There were differences across other neighborhoods, as well. In general, CLR samples had larger, more organized cellular neighborhoods compared to the more fragmented neighborhoods present in DII samples.
Going a step further, the authors applied tensor decomposition to identify differences in cell type and cellular neighborhood coupling between the two patient groups. They used these differences to identify modules based on cell type and cellular neighborhoods. In turn, the differences in these modules were used to identify distinct tissue modules.
Left: Decomposition results for CLR patients. Tissue modules correspond to an “immune compartment” (top) and a “tumor compartment” (bottom). Right: Decomposition results for DII patients. Tissue modules correspond to an “immune and tumor compartment” (top) and a “granulocyte compartment” (bottom). Source: Schürch et al. / CC BY
In CLR patients, there were two distinct tissue modules which corresponded to the tissue and immune compartments. The DII patient group, on the other hand, displayed a combined tumor and immune compartment and a separate granulocyte compartment. This suggests that granulocyte-enriched neighborhoods may play a significant role in DII-type colorectal cancer.
Cell type frequencies influence patient outcomes
The authors examined the frequency of functional markers – which were not included during cell phenotyping – across the neighborhoods they identified. The frequency of CD4+ T cells, as well as the ratio of CD4+ to CD8+ T cells in the tumor boundary (neighborhood six), was highly predictive for survival in DII patients. The same frequencies in the bulk tumor did not indicate strong prognostic value.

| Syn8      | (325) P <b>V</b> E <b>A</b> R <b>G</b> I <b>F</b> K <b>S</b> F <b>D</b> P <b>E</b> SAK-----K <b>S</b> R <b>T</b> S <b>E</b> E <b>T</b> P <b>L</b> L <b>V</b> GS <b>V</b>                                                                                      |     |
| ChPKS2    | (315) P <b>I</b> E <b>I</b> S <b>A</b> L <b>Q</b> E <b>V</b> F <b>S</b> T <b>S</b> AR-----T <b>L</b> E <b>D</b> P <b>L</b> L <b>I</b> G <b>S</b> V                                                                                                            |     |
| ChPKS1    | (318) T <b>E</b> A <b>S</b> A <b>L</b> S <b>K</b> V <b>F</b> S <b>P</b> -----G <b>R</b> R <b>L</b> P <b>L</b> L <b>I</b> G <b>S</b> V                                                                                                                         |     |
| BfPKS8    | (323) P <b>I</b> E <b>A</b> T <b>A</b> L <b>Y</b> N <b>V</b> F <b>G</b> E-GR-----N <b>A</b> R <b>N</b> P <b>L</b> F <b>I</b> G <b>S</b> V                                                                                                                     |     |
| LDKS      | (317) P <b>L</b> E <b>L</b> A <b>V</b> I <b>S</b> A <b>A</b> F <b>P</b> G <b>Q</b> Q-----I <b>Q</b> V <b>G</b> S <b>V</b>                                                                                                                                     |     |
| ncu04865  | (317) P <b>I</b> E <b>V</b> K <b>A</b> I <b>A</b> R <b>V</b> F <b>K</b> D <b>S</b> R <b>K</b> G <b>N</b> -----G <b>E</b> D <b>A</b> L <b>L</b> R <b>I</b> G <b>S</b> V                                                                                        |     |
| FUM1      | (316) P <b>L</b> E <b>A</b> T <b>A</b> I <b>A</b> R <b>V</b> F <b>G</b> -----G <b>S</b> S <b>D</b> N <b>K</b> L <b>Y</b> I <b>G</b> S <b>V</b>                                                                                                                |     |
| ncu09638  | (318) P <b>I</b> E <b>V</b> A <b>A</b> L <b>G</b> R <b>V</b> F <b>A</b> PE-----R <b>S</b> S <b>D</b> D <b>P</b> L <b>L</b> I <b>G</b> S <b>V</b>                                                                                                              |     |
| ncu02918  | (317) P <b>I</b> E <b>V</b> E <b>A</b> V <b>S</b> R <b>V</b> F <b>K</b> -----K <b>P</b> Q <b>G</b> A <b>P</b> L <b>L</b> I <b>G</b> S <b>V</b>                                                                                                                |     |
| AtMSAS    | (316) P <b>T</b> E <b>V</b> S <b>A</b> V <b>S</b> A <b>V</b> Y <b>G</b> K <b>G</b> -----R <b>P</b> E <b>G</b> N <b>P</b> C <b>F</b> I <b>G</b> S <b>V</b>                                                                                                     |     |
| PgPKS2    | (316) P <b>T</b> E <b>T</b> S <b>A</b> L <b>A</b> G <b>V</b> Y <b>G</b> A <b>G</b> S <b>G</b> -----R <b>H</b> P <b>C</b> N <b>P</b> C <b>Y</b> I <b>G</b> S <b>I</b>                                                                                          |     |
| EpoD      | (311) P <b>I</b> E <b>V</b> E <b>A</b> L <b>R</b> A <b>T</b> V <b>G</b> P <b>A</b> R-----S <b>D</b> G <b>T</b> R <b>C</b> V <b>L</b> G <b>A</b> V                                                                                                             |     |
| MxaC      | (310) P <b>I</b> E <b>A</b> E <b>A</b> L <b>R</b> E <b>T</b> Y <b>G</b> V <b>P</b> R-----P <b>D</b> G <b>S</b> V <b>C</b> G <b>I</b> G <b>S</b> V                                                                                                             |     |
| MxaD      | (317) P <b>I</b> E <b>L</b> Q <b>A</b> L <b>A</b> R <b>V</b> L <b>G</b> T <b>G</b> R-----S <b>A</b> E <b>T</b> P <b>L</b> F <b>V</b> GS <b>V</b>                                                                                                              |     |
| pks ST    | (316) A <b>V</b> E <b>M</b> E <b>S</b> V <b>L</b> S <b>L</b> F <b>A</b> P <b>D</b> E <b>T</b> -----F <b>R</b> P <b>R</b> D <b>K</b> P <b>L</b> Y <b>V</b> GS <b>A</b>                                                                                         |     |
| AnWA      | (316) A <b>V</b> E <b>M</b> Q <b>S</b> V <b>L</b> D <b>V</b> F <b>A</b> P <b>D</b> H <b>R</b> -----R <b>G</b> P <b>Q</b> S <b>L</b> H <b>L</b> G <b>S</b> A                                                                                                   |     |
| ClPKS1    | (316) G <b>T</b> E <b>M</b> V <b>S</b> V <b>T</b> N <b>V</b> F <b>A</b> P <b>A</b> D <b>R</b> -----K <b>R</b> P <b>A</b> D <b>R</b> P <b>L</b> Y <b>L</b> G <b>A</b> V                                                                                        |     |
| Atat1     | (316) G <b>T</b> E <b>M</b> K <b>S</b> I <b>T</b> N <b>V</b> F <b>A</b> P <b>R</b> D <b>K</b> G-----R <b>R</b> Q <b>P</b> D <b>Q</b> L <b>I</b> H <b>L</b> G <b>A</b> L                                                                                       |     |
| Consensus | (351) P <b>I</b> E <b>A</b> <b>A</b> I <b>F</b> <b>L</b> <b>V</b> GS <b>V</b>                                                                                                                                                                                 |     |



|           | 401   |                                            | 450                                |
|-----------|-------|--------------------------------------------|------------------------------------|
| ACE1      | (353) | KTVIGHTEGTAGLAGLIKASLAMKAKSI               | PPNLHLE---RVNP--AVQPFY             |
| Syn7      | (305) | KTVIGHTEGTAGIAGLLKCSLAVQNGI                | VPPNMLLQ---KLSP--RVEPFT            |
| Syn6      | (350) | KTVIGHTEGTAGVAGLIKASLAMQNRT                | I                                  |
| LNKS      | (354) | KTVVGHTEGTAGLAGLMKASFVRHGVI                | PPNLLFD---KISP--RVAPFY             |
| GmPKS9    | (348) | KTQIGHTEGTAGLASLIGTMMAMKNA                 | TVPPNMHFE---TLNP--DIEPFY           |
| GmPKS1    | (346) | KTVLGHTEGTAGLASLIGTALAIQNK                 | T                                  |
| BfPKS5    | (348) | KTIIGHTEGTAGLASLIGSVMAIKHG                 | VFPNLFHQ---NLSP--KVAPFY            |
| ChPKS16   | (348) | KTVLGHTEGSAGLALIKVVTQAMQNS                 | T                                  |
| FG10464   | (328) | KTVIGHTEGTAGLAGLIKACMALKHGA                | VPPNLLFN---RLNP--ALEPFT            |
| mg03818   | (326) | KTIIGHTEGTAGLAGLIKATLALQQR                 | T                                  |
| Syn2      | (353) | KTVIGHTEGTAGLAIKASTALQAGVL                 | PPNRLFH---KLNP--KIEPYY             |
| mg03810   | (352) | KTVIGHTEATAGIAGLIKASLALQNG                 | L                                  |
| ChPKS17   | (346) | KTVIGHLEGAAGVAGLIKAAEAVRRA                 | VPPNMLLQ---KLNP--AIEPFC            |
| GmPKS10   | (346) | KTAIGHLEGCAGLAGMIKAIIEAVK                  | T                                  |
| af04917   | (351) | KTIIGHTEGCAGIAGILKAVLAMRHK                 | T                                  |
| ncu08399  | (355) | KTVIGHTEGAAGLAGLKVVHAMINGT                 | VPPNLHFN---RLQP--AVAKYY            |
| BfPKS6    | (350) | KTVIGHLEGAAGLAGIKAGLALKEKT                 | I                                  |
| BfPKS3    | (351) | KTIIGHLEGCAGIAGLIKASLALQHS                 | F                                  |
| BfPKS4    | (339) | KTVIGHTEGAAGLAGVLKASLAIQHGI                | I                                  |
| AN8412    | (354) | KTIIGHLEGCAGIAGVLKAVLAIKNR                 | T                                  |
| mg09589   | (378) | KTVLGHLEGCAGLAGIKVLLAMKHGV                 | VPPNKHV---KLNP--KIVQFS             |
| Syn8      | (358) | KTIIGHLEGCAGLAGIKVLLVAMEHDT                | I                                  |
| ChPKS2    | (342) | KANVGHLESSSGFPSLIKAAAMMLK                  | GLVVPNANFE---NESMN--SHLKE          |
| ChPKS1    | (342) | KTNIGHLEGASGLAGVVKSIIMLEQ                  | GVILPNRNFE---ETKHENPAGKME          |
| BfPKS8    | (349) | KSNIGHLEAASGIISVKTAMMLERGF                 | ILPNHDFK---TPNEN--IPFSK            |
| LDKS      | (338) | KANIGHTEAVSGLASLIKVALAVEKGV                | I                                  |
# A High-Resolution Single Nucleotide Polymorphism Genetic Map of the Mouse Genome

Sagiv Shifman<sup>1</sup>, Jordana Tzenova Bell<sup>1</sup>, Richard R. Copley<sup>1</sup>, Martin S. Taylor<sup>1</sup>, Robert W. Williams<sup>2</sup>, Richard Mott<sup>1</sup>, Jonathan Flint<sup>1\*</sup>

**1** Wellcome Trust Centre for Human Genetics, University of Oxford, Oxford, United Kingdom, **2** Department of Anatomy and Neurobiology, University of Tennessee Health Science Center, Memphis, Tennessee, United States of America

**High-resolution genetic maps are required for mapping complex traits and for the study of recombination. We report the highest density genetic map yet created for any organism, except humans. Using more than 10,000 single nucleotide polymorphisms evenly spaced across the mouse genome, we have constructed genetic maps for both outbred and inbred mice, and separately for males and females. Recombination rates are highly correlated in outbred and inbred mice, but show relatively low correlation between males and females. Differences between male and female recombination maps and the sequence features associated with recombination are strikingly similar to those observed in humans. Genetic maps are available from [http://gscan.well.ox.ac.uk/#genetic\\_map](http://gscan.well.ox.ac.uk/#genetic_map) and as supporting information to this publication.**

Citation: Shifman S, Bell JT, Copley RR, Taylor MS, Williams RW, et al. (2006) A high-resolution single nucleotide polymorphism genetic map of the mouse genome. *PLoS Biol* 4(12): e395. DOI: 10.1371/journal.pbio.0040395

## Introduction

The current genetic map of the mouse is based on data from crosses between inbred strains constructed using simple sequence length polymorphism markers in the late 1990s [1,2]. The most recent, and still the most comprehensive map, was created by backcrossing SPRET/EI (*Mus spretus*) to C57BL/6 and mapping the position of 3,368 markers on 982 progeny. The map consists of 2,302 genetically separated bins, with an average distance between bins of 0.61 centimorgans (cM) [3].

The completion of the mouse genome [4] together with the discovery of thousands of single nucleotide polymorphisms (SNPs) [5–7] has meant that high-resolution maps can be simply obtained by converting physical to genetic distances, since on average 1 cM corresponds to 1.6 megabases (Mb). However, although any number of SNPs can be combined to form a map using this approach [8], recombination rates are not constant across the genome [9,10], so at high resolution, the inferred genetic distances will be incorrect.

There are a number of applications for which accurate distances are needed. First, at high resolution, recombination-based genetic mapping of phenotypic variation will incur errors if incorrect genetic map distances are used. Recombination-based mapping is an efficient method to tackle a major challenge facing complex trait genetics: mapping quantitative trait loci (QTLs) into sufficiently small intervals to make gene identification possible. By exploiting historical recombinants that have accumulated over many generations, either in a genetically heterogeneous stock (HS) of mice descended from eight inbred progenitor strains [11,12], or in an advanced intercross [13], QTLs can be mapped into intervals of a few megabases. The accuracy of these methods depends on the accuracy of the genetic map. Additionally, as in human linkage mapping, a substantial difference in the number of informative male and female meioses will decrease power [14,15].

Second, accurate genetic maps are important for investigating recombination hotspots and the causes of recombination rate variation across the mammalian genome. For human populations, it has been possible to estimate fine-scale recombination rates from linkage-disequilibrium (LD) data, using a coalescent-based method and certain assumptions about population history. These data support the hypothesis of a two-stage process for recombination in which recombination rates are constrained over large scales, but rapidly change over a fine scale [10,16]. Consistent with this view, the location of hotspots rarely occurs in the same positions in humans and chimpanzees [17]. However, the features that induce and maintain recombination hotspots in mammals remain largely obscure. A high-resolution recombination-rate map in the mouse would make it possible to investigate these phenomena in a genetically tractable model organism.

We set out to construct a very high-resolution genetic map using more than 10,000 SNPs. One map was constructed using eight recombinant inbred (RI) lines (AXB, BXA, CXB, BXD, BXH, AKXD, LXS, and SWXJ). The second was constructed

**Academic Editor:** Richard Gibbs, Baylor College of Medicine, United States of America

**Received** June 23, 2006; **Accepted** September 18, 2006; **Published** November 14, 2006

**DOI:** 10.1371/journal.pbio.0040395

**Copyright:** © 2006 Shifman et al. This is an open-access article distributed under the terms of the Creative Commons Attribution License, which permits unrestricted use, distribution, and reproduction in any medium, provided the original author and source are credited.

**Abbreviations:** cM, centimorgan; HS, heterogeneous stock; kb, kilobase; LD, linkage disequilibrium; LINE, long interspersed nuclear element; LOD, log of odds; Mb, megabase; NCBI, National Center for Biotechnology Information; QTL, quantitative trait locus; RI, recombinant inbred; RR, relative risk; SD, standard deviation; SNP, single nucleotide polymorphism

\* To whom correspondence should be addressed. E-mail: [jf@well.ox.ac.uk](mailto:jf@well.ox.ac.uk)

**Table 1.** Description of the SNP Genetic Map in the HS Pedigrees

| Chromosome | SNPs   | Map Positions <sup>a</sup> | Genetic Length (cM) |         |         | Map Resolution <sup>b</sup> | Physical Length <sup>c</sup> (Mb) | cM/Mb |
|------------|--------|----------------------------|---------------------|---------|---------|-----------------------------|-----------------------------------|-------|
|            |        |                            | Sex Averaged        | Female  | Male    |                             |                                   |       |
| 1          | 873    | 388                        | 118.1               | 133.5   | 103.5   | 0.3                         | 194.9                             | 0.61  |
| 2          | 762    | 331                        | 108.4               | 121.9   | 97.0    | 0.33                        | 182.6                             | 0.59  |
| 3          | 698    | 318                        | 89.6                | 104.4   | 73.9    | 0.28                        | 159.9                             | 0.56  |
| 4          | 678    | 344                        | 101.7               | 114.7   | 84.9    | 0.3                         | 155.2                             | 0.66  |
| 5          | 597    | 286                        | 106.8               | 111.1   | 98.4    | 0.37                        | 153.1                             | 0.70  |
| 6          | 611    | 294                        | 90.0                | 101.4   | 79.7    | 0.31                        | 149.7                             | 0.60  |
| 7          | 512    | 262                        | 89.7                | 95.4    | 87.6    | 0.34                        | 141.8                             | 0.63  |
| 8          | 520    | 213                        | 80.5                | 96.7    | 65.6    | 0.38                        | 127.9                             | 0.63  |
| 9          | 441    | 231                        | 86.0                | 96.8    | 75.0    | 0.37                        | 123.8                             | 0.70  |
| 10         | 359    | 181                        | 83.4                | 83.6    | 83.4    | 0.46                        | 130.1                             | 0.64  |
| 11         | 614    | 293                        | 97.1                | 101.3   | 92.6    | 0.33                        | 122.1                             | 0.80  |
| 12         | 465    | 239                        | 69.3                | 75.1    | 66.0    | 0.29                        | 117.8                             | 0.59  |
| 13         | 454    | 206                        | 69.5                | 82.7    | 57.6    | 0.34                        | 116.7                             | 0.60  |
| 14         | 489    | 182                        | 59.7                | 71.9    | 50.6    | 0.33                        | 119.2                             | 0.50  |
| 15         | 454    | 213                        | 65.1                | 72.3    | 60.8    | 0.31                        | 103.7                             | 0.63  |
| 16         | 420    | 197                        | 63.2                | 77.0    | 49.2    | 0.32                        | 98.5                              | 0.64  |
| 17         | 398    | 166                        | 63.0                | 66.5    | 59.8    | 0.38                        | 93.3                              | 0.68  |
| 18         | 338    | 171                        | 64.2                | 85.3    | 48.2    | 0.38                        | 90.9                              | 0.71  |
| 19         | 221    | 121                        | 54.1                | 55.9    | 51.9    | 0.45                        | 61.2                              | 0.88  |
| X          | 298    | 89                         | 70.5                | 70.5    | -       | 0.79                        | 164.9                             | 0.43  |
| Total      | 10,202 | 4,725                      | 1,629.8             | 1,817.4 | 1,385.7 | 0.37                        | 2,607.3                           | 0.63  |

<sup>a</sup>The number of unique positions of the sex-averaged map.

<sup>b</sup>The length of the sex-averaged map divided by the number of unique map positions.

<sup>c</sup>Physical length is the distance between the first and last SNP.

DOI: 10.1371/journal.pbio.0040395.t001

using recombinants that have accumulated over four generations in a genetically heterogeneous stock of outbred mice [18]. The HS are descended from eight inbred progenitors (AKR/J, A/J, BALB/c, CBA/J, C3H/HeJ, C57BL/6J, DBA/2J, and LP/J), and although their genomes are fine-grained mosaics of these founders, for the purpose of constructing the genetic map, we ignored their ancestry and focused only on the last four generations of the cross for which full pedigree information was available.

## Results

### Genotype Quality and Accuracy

They also studied the expression of immune checkpoint markers and markers of activation and proliferation in the T cell-enriched, macrophage-enriched, bulk tumor, and tumor boundary neighborhoods. In each of these neighborhoods, functional activation of CD8+ T cells, CD4+ T cells, and regulatory T cells was different. Proliferating CD4+ T cells, for example, were present in higher frequency in the bulk tumor compared to other neighborhoods. The inducible T cell costimulator, ICOS, on the other hand, was more frequent in the immune compartments than in the bulk tumor.
Cellular neighborhoods communicate and interact with one another
As we’ve seen, different cellular neighborhoods recruit similar combinations of cell types. As the authors note, this can be interpreted as a form of communication between the cellular neighborhoods. In examining the communications networks of the CLR and DII groups, the authors observed clear differences.
In CLR patients, the follicle neighborhoods (containing the TLS) interacted with T cell- and macrophage-enriched neighborhoods and the vascularized smooth muscle. However, this interaction was absent in DII samples. Instead, in DII samples, the granulocyte-enriched neighborhood appeared to interact with the tumor boundary and bulk tumor – an interaction absent in the CLR group.
These results confirm that the tertiary lymphoid structure plays a major role in antigen presentation and the recruitment of T cells and macrophages. T cells appear to actively exchange information with the tumor boundary, which may account for an effective antitumoral response resulting in improved survival.
In DII patients, on the other hand, the macrophage-enriched neighborhood four appeared to suppress immune activation in the T cell-enriched neighborhood, and the T cell neighborhood did not exchange information with the tumor boundary, which may impair the antitumoral response.
The framework for cellular neighborhood analysis presented in this study is useful for interpreting spatial biology in a dynamic tissue, such as the tumor microenvironment. This framework can be applied to any CODEX dataset, and as the authors note in their paper, “Applying these tools to large, well-annotated patient cohorts could yield clinical biomarkers, therapeutic strategies, and insight into how spatial tissue behaviors facilitate antitumoral immunity.”